Auction houses in Cologne and Salzburg could not compete with this but nevertheless lively, albeit sometimes selective, bidding at their auctions emerged. As a rule Asian dealers and collectors remain the top buyers and in most cases, underbidders.
Stuttgart and Salzburg
For several years, Stuttgart saleroom Nagel (33% buyer’s premium) has held its main auctions of Asian art in Salzburg.
This year’s spring sale on June 6-7 confirmed the pattern of previous sales: virtually all of the consignments came from European collections and the vast majority of buyers from Asia.
This time around, the bidders were choosier than in earlier sales, so that at the close of play only just over half the lots had found buyers. However, the auction house could still boast a row of six-figure prices, often way above the catalogue guides.
A 19in (48cm) high Qianlong porcelain vase with cover, decorated in convincing imitation of cloisonné work was bought at an English country sale many years ago, according to the European consignor.
It was expected to bring €40,000-60,000, but finally went to a buyer from mainland China for €290,000 (£261,260), against stiff competition from numerous compatriots.
The same bidding battle greeted an 8in (21cm) high imperial Yongzheng mark and period porcelain vase with underglaze blue painting of fruiting branches known as The Three Abundances, a motif inspired by pieces from the Yongle period. Estimated at €20,000-30,000, it went back to China for €285,000 (£256,755).
The deity Guanyin plays a special role in eastern religion, in particular as the goddess of compassion.
Even so, the ferocious bidding for a very large, 21in (53cm) high carved jade figure of Guanyin dated to the 20th century came as something of a surprise.
“Asian dealers and collectors remain the top buyers and in most cases, underbidders
It had an estimate of €10,000-15,000 but bidders were prepared to go well beyond the guide and the hammer only fell at €180,000 (£162,160).
This was even higher than the result for a 6½in (17cm) high partly gilt bronze figure of a seated Guanyin from the 12th or 13th century, which went from €20,000 to €164,000 (£147,750).
Another higher than predicted price was the €155,000 (£139,640) for a 13in (34cm) high Republic period porcelain vase painted with a continuous landscape and applied bats as handles that was guided at €5000-8000.
The vase had a seal mark and signature corresponding to 1937 and as painted by Zhang Zhitang from Xingjiang in China. It came from a European collection assembled from 1960-90. In this case the buyer was not from China, but the US.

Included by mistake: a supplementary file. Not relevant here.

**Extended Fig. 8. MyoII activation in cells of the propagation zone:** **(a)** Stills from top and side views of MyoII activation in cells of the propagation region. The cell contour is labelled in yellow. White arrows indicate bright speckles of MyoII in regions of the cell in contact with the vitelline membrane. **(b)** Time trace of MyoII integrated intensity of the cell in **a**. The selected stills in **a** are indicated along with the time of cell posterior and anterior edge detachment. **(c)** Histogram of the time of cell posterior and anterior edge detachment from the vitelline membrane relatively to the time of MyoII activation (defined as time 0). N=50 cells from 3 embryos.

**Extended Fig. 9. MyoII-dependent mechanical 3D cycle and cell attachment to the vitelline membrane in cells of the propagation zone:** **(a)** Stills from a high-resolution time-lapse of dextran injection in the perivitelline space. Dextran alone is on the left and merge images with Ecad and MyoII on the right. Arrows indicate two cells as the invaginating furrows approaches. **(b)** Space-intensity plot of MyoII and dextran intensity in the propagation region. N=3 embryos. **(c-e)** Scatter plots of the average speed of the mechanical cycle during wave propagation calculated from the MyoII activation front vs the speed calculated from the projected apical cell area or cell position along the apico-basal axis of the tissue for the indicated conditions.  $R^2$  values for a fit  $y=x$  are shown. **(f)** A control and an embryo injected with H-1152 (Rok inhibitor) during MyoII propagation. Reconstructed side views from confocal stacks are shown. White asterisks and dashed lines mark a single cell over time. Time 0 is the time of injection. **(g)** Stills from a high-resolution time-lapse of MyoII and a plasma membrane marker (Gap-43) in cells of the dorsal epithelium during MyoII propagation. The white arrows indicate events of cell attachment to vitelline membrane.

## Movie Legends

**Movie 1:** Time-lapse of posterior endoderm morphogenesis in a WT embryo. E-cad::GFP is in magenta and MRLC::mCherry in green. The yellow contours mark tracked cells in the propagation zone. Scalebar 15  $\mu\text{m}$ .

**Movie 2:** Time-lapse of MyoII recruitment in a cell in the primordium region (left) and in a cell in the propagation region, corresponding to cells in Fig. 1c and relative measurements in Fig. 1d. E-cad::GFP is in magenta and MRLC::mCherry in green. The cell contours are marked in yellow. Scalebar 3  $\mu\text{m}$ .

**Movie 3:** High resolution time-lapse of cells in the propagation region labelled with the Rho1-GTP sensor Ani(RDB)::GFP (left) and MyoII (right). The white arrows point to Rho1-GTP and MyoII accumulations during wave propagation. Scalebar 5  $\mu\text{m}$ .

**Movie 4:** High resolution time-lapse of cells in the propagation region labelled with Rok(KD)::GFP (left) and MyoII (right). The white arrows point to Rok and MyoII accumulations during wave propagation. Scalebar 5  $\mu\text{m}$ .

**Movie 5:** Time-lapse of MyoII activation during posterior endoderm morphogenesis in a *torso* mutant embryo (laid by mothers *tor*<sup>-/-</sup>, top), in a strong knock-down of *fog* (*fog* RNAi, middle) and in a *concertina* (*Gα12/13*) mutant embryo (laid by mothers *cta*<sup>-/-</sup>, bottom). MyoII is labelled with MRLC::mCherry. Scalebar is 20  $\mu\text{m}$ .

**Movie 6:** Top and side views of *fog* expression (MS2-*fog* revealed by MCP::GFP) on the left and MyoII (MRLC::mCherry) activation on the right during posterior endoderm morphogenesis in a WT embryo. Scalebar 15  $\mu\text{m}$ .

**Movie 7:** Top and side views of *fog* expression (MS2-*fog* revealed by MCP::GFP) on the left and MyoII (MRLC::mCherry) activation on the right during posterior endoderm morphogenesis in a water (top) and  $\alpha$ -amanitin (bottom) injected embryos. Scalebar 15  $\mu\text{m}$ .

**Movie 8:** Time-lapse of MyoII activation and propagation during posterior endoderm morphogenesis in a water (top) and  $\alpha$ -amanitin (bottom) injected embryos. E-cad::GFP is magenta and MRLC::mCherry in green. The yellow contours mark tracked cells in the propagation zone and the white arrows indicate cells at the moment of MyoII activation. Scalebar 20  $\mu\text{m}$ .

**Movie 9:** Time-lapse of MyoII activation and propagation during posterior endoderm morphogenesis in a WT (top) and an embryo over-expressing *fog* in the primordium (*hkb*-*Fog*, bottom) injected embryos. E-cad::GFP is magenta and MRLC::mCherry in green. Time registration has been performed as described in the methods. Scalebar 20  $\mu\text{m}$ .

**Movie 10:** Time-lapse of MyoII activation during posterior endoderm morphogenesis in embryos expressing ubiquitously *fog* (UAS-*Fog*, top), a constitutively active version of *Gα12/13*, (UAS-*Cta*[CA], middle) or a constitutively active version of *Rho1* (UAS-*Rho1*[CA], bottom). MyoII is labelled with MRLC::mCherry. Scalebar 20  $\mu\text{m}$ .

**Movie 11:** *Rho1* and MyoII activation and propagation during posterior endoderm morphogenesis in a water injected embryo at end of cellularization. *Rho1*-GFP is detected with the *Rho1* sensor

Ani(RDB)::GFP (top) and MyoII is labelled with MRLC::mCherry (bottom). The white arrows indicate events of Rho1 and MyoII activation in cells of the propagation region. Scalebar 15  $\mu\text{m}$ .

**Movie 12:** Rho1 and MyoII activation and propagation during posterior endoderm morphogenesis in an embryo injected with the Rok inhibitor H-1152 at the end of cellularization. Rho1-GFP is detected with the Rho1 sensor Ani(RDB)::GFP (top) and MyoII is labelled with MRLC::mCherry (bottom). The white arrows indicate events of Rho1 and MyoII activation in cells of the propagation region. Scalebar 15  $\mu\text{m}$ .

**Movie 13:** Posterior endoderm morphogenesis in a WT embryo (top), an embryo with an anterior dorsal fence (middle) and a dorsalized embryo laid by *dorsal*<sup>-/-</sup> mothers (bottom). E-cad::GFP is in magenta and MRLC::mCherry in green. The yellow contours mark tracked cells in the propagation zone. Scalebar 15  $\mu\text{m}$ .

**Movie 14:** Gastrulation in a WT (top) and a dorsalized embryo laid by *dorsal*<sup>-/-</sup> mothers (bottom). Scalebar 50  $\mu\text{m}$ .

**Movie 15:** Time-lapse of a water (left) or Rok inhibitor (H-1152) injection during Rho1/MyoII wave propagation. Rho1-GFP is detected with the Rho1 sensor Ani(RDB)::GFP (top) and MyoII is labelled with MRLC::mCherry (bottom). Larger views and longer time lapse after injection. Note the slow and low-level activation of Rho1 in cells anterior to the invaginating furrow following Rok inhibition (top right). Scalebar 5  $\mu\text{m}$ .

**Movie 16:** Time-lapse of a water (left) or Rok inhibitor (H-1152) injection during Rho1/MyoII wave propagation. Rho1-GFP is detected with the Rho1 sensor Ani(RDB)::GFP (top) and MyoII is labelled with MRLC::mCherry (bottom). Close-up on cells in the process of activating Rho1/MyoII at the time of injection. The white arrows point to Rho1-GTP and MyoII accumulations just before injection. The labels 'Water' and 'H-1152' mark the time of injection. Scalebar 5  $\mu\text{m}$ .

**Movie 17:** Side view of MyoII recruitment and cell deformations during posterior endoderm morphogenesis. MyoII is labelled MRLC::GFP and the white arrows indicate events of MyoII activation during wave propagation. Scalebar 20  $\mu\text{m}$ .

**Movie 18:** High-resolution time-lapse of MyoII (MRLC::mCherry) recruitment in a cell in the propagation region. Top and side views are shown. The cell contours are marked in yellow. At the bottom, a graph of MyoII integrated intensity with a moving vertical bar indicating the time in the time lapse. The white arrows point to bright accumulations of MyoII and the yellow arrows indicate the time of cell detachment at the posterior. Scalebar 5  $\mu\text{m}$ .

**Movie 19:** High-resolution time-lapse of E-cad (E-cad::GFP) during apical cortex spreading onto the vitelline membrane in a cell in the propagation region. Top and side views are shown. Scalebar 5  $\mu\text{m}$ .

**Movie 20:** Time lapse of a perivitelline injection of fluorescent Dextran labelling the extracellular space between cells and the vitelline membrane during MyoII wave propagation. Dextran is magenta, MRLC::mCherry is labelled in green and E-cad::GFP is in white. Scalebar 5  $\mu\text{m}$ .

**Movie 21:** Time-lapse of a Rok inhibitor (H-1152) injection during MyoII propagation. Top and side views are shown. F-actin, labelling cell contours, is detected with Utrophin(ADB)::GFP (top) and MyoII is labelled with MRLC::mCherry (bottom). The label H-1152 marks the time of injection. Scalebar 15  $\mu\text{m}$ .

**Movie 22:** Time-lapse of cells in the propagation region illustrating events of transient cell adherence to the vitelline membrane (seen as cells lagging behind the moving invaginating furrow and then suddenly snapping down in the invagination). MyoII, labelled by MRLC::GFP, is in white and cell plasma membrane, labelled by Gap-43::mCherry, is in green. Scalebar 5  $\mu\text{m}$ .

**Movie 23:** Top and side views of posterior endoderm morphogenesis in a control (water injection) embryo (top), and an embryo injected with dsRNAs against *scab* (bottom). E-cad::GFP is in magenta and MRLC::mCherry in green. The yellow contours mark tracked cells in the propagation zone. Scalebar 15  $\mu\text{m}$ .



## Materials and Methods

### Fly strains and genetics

Armchairs back to China
Lempertz (24% buyer’s premium) presented its selection of Chinese and Japanese works of art in Cologne on June 7-8.
As elsewhere, bidding was highly selective and several of the potential highlights missed their mark.
The top price of the sale was achieved for a pair of armchairs made from the rare type of rosewood known as huanghuali, often, but not exclusively, used for imperial pieces.
These chairs were purchased by a French diplomat in the 1930s and came from a German collection. They are now en route for China, having sold for a mid-estimate €67,000 (£60,360).
Over recent years, Lempertz have devoted a lot of energy to selling works of art from Japan, including netsuke from the Kolodotschko collection and other sources.
Consistent bidding for netsuke emerged in this sale and among the sought-after pieces was a late 18th century boxwood group of two horses, estimated at €2500-3000, which finally went to a German collector for €12,000 (£10,810).
On June 12 in Cologne, Van Ham’s (29/25% buyer’s premium) Asian art sale also contained a number of unexpected results.
The auction house was surprised by the interest for a fire-gilt-bronze fragmentary lower section of a seated Buddhist figure.
It was obviously difficult to catalogue and was described as ‘Tibet/Nepal. Probably 15th/16th century or later’. Several bidders drove the price to €70,000 (£63,065), more than twice the lower estimate, paid by a Chinese bidder.
The 18th century Qianlong-period carved red lacquer plate in the shape of a lotus flower (previewed in ATG No 2395), was one of several pieces from the collection of Roland Sonderhoff and more than lived up to its expectations, doubling the guide to sell to a Chinese bidder for €43,000 (£38,740).
In Cologne international interest also emerged for Japanese works of art, most prominently for the 2ft 4in (72cm) high figure of a seated Buddha, Amida Nyôrai, dated to the Kamakura Period (1185-1333).
The figure itself was carved in wood with lacquer and gilt, while the lotus blossom base also incorporated bronze elements.
The height makes it likely that it was created for a temple. It had belonged to two US collections before coming into possession of the current consignor and went to an unnamed buyer for a top-estimate €60,000 (£54,050).
A south German collector had the most staying power when it came to the netsuke.
Among his purchases was the ivory figure of the 17th century dancer Izumo no Okuni who founded the tradition of kabuki theatre. The 2in (5cm) figure was carved in 1900 by Kawahara Ryo and was expected to bring €12,000-14,000, but was pushed to €30,000 (£27,025).
The same buyer also secured an ivory figure of a seated Kirin by an 18th or 19th century craftsman for €20,000 (£18,020), more than double the top estimate.
£1 = €1.10